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# Localization and iteration of axiomatic set theory

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Published by Wayne State University Press in Detroit .
Written in English

### Subjects:

• Axiomatic set theory.

## Book details:

Edition Notes

Includes bibliographical references.

Classifications The Physical Object Statement [by Arthur H. Kruse] LC Classifications QA248 .K74 Pagination 226 p. Number of Pages 226 Open Library OL5620770M ISBN 10 081431354X LC Control Number 68029739 OCLC/WorldCa 10743

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This clear and well-developed approach to axiomatic set theory is geared toward upper-level undergraduates and graduate students. It examines the basic paradoxes and history of set theory . This textbook gives an introduction to axiomatic set theory and examines the prominent questions that are relevant in current research in a manner that is accessible to students. Its main theme is the interplay of large cardinals, inner models, forcing, and descriptive set theory. The following topics are covered: • Forcing and constructability. • The Solovay-Shelah Theorem i.e. the equiconsistency of ‘every set . itive concepts of set theory the words “class”, “set” and “belong to”. These will be the only primitive concepts in our system. We then present and brieﬂy dis-cuss the fundamental Zermelo-Fraenkel axioms of set theory. Contradictory statements. When expressed in a mathematical context, the word “statement” is viewed in aFile Size: 2MB. This textbook is meant for an upper undergraduate course in set theory. In this text, the fundamentals of abstract sets, including relations, functions, the natural numbers, order, cardinality, transﬁnite recursion, the axiom of choice, ordinal numbers, and cardinal numbers, are developed within the framework of axiomatic set theory.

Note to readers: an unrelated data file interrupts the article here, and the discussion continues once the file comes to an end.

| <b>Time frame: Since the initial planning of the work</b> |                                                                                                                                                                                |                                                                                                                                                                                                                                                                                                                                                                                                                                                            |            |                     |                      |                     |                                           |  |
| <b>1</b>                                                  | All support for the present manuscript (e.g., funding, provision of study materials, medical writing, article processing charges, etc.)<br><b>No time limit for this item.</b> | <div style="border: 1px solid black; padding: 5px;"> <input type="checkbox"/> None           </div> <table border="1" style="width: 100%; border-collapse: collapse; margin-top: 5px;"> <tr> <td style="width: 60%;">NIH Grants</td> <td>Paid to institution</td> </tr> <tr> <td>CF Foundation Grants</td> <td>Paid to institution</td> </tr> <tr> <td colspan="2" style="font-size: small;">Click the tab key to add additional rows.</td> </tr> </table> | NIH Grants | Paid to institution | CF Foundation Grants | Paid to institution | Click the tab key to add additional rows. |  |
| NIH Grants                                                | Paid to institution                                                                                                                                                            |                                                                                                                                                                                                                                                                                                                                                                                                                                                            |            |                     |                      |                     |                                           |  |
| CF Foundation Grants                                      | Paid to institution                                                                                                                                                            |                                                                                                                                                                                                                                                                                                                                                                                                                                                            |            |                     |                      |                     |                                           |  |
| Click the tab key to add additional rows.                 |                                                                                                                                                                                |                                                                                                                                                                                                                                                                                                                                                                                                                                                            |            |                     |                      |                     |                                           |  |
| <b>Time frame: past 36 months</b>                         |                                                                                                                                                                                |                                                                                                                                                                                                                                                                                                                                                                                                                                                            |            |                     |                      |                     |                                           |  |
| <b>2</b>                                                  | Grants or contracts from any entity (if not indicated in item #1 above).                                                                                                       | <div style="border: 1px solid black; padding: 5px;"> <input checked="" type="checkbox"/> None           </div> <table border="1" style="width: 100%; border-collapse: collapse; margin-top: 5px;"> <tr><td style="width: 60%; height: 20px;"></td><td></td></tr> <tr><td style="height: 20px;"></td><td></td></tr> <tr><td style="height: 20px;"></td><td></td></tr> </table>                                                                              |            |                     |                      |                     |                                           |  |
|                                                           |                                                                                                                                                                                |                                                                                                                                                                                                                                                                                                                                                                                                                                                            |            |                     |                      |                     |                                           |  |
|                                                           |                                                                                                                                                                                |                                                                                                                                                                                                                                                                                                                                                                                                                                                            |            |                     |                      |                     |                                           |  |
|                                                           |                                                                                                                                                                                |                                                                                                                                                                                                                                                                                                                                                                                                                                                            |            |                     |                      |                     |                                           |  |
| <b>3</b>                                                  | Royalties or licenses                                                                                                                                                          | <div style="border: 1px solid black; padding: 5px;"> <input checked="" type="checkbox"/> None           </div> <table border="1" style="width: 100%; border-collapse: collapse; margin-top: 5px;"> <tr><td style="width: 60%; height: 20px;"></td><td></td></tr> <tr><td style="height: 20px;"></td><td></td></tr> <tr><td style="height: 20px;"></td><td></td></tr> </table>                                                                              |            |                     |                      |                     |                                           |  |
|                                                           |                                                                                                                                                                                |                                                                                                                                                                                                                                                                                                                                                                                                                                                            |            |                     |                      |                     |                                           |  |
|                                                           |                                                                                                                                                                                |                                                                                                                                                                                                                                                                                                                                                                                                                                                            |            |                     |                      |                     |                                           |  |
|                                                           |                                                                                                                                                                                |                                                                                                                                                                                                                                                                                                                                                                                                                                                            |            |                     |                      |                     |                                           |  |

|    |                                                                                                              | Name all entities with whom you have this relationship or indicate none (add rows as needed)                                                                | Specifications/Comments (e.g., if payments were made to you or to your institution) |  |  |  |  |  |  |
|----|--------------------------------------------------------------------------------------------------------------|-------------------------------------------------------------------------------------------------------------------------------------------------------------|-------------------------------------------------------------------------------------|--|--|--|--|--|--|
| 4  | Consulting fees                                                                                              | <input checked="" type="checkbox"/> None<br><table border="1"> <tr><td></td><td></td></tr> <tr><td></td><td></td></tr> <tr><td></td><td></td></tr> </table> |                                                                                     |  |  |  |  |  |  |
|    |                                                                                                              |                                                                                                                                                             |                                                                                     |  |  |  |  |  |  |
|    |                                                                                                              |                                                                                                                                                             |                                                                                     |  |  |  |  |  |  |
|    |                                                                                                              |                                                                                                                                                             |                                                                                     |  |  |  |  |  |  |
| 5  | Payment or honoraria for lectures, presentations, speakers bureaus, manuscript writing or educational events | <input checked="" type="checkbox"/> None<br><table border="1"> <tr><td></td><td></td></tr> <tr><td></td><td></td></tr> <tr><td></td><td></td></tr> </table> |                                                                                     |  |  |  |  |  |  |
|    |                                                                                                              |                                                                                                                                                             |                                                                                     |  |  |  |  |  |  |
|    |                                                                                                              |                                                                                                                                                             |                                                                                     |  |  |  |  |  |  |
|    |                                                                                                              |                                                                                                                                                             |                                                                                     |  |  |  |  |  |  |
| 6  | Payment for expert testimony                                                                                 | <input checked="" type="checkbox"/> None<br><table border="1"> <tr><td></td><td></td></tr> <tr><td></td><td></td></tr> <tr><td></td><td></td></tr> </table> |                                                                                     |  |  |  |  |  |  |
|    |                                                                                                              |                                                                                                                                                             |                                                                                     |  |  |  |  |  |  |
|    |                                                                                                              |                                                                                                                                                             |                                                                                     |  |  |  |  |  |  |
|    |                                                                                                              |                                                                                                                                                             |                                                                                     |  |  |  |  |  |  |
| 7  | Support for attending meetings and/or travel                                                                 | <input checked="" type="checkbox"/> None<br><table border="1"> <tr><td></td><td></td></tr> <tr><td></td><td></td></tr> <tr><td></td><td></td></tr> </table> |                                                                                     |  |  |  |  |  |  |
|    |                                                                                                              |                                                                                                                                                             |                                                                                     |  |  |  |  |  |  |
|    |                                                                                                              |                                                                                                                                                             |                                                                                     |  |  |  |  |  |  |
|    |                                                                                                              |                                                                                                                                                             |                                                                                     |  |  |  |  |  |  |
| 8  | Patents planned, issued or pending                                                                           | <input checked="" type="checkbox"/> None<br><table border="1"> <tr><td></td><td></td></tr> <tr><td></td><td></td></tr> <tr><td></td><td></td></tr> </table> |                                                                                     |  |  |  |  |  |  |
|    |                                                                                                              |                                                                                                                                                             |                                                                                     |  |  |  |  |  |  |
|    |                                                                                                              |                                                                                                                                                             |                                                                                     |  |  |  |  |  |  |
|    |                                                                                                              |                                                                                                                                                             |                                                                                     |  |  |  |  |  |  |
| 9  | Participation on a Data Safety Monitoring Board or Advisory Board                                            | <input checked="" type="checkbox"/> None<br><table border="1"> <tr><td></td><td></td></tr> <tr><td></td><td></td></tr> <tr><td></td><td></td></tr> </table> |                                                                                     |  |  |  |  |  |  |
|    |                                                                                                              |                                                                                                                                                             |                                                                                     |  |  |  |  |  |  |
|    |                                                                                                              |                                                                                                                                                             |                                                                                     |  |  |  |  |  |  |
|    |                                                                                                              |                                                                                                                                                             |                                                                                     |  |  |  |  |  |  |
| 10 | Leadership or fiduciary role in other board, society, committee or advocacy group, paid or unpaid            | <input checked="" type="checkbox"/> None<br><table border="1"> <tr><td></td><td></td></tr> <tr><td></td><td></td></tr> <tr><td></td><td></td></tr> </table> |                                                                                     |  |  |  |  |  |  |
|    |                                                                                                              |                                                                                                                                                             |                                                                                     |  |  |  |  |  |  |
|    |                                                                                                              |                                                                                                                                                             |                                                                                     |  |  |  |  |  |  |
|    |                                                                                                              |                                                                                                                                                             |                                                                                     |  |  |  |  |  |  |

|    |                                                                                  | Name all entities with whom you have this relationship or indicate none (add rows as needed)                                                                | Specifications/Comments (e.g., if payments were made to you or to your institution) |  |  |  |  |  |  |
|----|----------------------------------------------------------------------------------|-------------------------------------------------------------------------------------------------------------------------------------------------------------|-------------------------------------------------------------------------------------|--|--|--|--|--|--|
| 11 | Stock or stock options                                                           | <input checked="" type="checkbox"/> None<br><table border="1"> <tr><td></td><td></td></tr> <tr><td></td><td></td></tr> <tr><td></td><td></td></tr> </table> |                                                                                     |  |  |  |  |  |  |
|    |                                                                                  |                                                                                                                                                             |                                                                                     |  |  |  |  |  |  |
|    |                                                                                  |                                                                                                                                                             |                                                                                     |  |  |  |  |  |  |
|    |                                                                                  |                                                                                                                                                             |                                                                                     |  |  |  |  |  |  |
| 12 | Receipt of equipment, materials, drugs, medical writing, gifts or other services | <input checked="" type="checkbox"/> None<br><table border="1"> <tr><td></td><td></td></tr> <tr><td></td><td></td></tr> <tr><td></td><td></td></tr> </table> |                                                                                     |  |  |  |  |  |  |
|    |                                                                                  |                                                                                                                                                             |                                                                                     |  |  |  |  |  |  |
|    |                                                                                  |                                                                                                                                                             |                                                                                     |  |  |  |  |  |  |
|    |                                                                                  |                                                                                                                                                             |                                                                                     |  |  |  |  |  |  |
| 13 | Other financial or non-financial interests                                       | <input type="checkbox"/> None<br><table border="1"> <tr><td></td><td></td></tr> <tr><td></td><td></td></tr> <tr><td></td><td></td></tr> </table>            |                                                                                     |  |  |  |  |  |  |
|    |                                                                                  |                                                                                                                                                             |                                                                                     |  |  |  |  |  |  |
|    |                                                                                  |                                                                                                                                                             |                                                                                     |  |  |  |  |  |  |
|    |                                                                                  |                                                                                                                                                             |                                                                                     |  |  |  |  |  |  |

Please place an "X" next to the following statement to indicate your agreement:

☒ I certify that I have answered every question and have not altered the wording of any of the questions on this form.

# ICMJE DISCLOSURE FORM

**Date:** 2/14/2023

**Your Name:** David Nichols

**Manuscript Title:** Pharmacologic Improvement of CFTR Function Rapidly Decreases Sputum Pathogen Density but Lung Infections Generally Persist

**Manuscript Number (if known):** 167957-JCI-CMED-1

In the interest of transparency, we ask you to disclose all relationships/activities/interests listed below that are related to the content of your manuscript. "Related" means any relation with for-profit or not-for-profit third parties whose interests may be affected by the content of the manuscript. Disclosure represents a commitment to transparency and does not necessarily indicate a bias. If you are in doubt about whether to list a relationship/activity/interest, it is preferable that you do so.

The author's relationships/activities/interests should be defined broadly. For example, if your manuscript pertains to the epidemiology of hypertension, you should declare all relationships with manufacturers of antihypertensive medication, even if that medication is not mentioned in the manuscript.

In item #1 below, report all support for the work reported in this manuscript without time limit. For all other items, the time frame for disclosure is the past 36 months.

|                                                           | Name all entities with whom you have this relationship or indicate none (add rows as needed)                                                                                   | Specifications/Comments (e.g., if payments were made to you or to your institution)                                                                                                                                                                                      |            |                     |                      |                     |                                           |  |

lah’s book . I assume that the reader has some knowledge of axiomatic set theory and is familiar with the basics of the forcing method, including some iterated forcing (the consistency proof of Martin’s Axiom is suﬃcient). We deal here with countable support iteration. This type of iteration. This theory is interesting for two reasons. First, nearly all mathematical elds use it. Second, every mathemati-cal statement or proof could be cast into formulas within set theory. Number theory, algebra, analysis an all other theories could be constructed within. This document contains the mathematical foundation of set theory. Goal is. Halmos' Naive Set Theory is called "naive" apparently because he views sets as collections of objects rather than as whatever-satisfies-the-axioms. Even though it does that rather than explaining ZFC, it may be worth reading. Kamke's Theory of Sets is also not "axiomatic" but I seem to recall learning some good stuff from it. I think it was. in This paradox amongst others, opened the stage for the development of axiomatic set theory. The interested reader may refer to Katz . In this book, we will consider the intuitive or naive view point of sets. The notion of a set is taken as a primitive and so we will not try to de ne it explicitly. We only give an informal description of.

Axiomatic Set theory Boorbaki Future: the Geometrical Turn Prehistory: Venn and Tarski Prehistory: Sch on nkel and Curry Categorical Logic Toposes Homotopy Type theory Conclusion Andrei Rodin Axiomatic Method and Category Theory. Outline Past: there stages of development of the Axiomatic . This is a book (and a small book at that) on set theory, not a book on Philosophy of Mathematics; so there will be no long discussions about what it might be for an axiom of set theory to be true, nor will we be discussing how one establishes the truth or falsity of any of the candidate axioms.   Professor Suppes in Axiomatic Set Theory provides a very clear and well-developed approach. For those with more than a classroom interest in set theory, the historical references and the coverage of the rationale behind the axioms will provide a strong background to the major developments in the field. edition.   I worked my way through Halmos' Naive Set Theory, and did about 1/3 of Robert Vaught's book. Halmos was quite painful to work through, because there was little mathematical notation. I later discovered Enderton's "Elements of Set Theory" and I rec.